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Rosanne Cash and Joe Henry At Aloud, Monday June 20th 2016

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Rosanne Cash and Joe Henry

 

On Monday night, the series Aloud, at downtown LA library, was presenting a special evening of music and conversation with leading artists Rosanne Cash and Joe Henry. It was a very interesting and brainy conversation, and I had the chance to listen to the two songwriters and authors talking about the mystery of songwriting, their southern roots and the fine line between songwriting and poetry.

Joe Henry is passionate, talkative and a deep thinker, while Rosanne is thoughtful and observing as she speaks with a more nostalgic voice. They were both very interested by the songwriting process, its mystery and whom we recognize as an artist in our society

‘We have a very narrow idea of who is allowed to sing, who is allowed to represent us,’ said Joe Henry remembering he was told by the nuns when he was growing up, that he had to move his mouth because he couldn’t sing. Then noticing that society acknowledges some of us and elevates them at the artist status.

Joe and Rosanne seemed to be in agreement on a lot of things, but especially on the fact that you don’t have to know what you are after when you are writing a song: The poetic mind is focused not on expressing something that has not been preconceived but is rather engaged in a process which is about discovery, explained Joe. ‘People would not write something terribly meaningful if they knew when they began what they are gonna say,’ he added.

And the mystery of songwriting lays there, in the act of finding what you are writing about. ‘Writing a novel is like driving a car at night you can only see as far as the headlights go but you get all the way home,’ said Rosanne quoting E. L. Doctorow.

Joe Henry told us he tries very hard at staying out of the ‘editorial mind’ to focus on the creative process, while never asking himself during the process of creation, ‘who is gonna like it?’or ‘will this make money?’ He even quoted John Cage who advised artists to not confuse the creative mind with the analytic mind…

Rosanne, who said she has an app on her phone to steal from Shakespeare, told us about her experience with painting that she compares to writing songs: ‘It’s like writing songs, the critic comes in and tells me I am never gonna be Picasso, so why am I doing this?’ But she also knows what to do when this inner critic comes in, she puts the critic in her service at the end of the process, to edit the work.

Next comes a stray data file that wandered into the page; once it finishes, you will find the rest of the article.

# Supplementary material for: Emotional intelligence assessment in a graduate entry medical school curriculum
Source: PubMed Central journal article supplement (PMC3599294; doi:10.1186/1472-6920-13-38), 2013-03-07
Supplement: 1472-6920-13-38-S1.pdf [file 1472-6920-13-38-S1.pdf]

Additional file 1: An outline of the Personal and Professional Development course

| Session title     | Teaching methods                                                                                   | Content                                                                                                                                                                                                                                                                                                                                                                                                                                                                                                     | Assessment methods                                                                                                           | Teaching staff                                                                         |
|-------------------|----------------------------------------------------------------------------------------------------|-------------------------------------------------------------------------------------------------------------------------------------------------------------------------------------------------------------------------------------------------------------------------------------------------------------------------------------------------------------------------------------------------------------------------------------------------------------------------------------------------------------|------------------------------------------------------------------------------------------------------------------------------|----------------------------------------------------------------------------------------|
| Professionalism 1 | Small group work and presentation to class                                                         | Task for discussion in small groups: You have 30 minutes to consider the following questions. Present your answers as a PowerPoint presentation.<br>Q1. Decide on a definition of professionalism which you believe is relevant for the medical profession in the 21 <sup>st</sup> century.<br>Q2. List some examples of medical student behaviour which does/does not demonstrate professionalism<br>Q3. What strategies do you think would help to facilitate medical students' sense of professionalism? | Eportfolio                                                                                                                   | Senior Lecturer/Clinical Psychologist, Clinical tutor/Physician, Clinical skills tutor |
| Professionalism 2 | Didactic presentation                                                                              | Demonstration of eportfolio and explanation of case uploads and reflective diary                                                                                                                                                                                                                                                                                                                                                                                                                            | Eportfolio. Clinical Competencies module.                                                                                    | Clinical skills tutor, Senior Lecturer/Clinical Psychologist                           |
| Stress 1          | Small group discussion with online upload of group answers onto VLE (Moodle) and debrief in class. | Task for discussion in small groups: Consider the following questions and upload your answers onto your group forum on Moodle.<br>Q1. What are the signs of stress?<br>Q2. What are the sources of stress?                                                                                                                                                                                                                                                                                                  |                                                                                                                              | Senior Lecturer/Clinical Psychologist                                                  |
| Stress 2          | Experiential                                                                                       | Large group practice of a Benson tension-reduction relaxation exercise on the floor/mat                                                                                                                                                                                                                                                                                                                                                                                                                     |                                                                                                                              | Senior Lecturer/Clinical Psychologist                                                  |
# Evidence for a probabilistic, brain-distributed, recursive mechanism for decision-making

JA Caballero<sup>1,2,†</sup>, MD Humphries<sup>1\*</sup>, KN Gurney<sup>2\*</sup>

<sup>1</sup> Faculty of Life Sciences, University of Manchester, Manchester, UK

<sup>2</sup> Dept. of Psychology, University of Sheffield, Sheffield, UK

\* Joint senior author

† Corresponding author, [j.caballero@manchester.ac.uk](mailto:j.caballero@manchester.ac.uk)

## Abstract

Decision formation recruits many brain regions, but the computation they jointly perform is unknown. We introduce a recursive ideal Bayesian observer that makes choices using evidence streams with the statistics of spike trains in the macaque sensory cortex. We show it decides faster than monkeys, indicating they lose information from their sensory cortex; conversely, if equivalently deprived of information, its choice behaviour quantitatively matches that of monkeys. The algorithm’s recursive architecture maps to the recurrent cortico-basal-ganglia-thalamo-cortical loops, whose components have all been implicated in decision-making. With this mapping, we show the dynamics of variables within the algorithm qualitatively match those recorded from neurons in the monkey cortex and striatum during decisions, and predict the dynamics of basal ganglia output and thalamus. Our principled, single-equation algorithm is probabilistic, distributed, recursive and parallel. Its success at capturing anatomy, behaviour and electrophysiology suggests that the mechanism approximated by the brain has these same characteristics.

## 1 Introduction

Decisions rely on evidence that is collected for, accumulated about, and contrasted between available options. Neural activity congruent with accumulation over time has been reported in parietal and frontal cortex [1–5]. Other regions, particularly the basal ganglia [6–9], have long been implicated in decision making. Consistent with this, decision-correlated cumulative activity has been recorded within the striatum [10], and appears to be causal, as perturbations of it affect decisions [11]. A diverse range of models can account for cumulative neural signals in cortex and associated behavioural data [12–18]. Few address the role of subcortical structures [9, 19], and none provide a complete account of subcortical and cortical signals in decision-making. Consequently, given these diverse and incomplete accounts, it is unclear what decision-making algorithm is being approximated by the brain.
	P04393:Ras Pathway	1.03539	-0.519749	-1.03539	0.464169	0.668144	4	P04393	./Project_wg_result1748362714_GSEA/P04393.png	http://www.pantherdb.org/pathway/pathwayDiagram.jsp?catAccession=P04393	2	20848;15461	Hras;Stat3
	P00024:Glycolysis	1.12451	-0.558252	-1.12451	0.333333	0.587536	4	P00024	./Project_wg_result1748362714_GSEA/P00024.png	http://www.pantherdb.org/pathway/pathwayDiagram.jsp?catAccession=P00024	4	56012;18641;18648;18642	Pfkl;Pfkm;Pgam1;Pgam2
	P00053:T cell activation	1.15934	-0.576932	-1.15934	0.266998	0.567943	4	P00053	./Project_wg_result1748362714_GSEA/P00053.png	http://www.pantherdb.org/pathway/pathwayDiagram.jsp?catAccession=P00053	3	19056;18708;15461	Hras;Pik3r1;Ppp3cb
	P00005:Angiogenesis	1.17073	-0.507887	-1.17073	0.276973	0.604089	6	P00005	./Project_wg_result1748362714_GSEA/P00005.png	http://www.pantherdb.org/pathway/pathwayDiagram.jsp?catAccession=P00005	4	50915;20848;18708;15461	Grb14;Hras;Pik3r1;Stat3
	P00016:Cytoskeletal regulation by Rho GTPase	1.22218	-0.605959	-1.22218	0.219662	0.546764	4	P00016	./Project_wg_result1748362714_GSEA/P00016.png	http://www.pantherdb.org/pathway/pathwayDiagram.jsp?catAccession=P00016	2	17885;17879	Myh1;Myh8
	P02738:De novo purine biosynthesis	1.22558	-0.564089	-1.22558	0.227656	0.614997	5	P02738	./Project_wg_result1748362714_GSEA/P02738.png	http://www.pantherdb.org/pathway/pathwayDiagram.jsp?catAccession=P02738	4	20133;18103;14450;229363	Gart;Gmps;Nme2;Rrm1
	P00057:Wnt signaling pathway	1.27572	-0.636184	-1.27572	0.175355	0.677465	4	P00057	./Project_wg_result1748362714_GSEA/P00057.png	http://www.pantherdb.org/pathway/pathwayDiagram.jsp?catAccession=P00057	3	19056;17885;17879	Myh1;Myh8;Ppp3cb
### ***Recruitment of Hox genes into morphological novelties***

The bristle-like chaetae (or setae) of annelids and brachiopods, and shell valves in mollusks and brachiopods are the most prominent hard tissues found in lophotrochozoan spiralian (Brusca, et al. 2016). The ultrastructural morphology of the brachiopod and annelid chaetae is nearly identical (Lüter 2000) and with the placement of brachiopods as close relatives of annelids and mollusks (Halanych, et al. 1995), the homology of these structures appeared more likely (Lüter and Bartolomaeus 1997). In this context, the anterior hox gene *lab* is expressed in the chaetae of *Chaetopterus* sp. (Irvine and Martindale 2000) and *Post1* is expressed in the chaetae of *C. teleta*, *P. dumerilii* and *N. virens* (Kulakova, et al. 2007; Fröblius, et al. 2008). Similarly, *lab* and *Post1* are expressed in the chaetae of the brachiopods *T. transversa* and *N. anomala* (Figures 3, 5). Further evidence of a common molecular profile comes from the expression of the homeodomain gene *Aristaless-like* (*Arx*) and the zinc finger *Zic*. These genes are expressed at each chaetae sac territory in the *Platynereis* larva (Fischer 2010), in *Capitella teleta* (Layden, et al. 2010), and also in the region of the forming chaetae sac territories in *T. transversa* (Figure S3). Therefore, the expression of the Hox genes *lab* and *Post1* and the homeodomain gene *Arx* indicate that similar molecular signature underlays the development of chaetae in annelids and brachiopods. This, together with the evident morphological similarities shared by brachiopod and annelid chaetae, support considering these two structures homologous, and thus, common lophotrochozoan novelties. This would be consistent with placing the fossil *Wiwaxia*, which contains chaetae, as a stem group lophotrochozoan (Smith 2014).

They also discussed about poetry, which can be an intimidating concept, as Rosanne admitted she was afraid of poets and poetry, when she had a residency at the library of congress and a conversation with the poet laureate. But Joe Henry, who is also a poet, explained he wants to stay in that ‘zone where language has a musicality beyond its literal definition’, where ‘lyrics paint impressionistically’, where there is some ‘discomfort about not knowing, ‘where ‘sound in itself has meaning’

‘Poetry is a musical form,’ he said, ‘My songs rhyme but I would not dream writing poetry that rhymes!’ If he recognizes that most people are afraid of poetry, ‘songs are ubiquitous’. But when someone tells you ‘You are not only a songwriter but you are a poet, it is a promotion it elevates you!’ he added laughing.

If both of them agreed on the fact that songwriters are real writers, Rosanne jokingly said she was told she was a real writer when she published her book ‘Composed: A Memoir’ in 2010. At the end, she did not see any difference between writing a book or a song, ‘you keep going until it’s done’…. But ‘a song is a complete story in 3 minutes, this is why songwriters are real writers!’ she insisted.

They also evoked their somewhat complicated relationship with the south, as Rosanne’s most recent album is about her relationship with this part of the country. She was born in Memphis TN, grew up in Ventura CA, and lived in NYC, but she went back to the south and loves its blend of beauty, violence and poetry, ‘At mid life, you want to know where you are from, where your people are from,’ she said. ‘You want to know where you come from before you leave’. Joe Henry was born in Charlotte NC, but he talked about what he called his ‘resistance to his Southerness’, until his wife told him he was a southern writer.

But the fascinating mystery of songwriting was one more time talked about during the Q&A,… do you hear the music first or does it comes spontaneously with the words?

‘Either way,’ said Henry, ‘it has to feel inevitable, as if you can’t separate words from music,’ then evoking the fact that some songs arrive intact, as if they had been ‘stolen from someone else’, as if you were taking some mysterious dictation, and ‘it’s a high!’ At this point, Rosanne cannot resist telling what Tom Waits told about this mysterious process of getting a song from somewhere else. He had one of these moments as he was driving at 60 mph on a freeway, and he screamed at the wheel, ‘Can’t you see I am driving!?’

During the conversation, they played a few songs. Rosanne played ‘The World Unseen’ from ‘Black Cadillac’, her 2006 album which contains ‘songs about death’ and ‘the landscape of loss’, written at a time of her life when a lot of people died. She took her inspiration from a visit of the exhibition Melancholie at the Grand Palais in Paris. She also played ‘Modern Blue’ of her 2014 album ‘The River & the Thread’. Joe Henry played a fairly new song ‘Believer’, which talks ‘about romantic love in religious terms’ and ‘After the War’ (from his 2011 album ‘Reverie’). They also both performed Hank Williams’ ‘I’m so lonesome I could cry’.

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